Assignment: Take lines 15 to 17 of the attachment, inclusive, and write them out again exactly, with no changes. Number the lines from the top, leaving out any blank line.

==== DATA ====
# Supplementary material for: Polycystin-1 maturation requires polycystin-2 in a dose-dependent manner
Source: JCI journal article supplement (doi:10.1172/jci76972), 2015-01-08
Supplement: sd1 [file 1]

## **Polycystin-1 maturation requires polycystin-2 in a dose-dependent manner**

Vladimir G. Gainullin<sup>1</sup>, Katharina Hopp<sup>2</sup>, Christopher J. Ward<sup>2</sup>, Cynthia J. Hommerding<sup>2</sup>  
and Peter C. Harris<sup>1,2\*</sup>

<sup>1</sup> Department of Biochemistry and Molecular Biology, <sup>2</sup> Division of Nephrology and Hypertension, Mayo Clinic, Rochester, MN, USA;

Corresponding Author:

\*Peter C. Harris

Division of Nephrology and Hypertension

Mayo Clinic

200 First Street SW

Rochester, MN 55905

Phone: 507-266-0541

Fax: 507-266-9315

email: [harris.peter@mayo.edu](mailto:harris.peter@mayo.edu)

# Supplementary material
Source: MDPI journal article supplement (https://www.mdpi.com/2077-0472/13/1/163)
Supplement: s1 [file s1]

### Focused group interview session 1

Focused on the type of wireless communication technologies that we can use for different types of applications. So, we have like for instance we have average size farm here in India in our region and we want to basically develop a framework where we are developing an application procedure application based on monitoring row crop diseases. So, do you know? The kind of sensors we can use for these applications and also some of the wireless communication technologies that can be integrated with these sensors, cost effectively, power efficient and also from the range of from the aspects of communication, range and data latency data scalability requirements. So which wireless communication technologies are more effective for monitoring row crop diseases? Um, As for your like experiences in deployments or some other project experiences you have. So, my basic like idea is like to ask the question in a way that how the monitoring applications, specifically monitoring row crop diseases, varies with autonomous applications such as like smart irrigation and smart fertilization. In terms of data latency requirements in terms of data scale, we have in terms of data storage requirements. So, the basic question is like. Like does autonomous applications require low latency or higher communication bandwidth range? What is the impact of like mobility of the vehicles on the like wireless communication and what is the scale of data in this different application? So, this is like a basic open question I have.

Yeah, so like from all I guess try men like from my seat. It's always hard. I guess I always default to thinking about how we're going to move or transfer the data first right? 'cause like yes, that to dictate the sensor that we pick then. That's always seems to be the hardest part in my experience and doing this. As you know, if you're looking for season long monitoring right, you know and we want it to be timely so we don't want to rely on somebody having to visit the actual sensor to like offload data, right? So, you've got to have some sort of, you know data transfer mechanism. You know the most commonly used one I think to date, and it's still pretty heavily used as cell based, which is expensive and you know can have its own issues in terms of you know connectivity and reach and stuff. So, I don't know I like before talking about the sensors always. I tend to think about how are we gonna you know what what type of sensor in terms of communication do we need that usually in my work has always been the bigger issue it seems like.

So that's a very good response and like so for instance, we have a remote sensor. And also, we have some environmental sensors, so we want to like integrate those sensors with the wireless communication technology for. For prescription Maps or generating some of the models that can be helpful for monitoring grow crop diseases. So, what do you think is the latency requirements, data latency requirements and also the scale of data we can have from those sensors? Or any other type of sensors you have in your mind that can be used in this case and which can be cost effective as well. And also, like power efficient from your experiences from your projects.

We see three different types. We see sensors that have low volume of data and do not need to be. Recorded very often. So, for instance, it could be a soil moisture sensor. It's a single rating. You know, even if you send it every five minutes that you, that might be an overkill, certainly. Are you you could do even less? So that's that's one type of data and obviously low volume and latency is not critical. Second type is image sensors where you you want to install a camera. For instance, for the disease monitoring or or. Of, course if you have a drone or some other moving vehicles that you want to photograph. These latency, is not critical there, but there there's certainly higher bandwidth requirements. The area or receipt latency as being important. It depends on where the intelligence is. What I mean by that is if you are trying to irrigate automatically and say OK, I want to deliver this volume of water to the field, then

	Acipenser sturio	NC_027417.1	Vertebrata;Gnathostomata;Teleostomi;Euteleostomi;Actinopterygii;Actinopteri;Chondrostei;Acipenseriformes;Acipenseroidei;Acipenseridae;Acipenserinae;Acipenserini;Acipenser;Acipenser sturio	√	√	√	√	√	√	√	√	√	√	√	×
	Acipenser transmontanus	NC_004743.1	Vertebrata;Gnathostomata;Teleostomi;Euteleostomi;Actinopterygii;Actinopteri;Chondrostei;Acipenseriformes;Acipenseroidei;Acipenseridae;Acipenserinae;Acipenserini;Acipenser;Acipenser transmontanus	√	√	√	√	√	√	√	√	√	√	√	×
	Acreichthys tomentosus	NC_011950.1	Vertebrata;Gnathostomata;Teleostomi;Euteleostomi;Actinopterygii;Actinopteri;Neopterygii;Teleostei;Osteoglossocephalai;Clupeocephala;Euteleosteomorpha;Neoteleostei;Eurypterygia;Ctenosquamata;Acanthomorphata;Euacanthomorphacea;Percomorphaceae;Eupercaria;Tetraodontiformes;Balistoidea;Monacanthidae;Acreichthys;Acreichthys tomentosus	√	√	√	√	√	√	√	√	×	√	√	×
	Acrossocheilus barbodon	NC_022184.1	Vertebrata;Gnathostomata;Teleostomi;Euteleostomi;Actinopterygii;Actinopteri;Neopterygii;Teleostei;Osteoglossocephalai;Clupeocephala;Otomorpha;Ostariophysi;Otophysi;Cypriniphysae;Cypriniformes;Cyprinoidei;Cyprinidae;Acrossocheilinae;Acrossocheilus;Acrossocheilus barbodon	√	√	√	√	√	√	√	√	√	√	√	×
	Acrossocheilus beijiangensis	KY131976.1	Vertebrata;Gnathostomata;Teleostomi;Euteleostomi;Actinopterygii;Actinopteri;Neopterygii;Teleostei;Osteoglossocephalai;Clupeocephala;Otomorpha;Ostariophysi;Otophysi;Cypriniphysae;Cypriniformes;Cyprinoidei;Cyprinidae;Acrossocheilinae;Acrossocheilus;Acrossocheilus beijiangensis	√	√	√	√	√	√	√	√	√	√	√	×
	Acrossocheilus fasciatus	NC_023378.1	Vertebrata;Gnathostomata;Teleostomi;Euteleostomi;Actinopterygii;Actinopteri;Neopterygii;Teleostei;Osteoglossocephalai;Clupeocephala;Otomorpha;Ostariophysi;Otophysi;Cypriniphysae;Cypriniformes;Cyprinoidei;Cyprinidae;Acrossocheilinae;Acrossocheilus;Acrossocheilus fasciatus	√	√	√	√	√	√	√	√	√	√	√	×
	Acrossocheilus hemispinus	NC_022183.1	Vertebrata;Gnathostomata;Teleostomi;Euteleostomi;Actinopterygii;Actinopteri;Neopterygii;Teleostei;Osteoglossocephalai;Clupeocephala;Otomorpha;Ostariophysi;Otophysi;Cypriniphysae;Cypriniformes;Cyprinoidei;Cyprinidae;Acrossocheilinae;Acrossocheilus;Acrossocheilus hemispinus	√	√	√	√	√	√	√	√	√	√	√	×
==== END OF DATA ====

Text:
Fax: 507-266-9315

email: [harris.peter@mayo.edu](mailto:harris.peter@mayo.edu)

# Supplementary material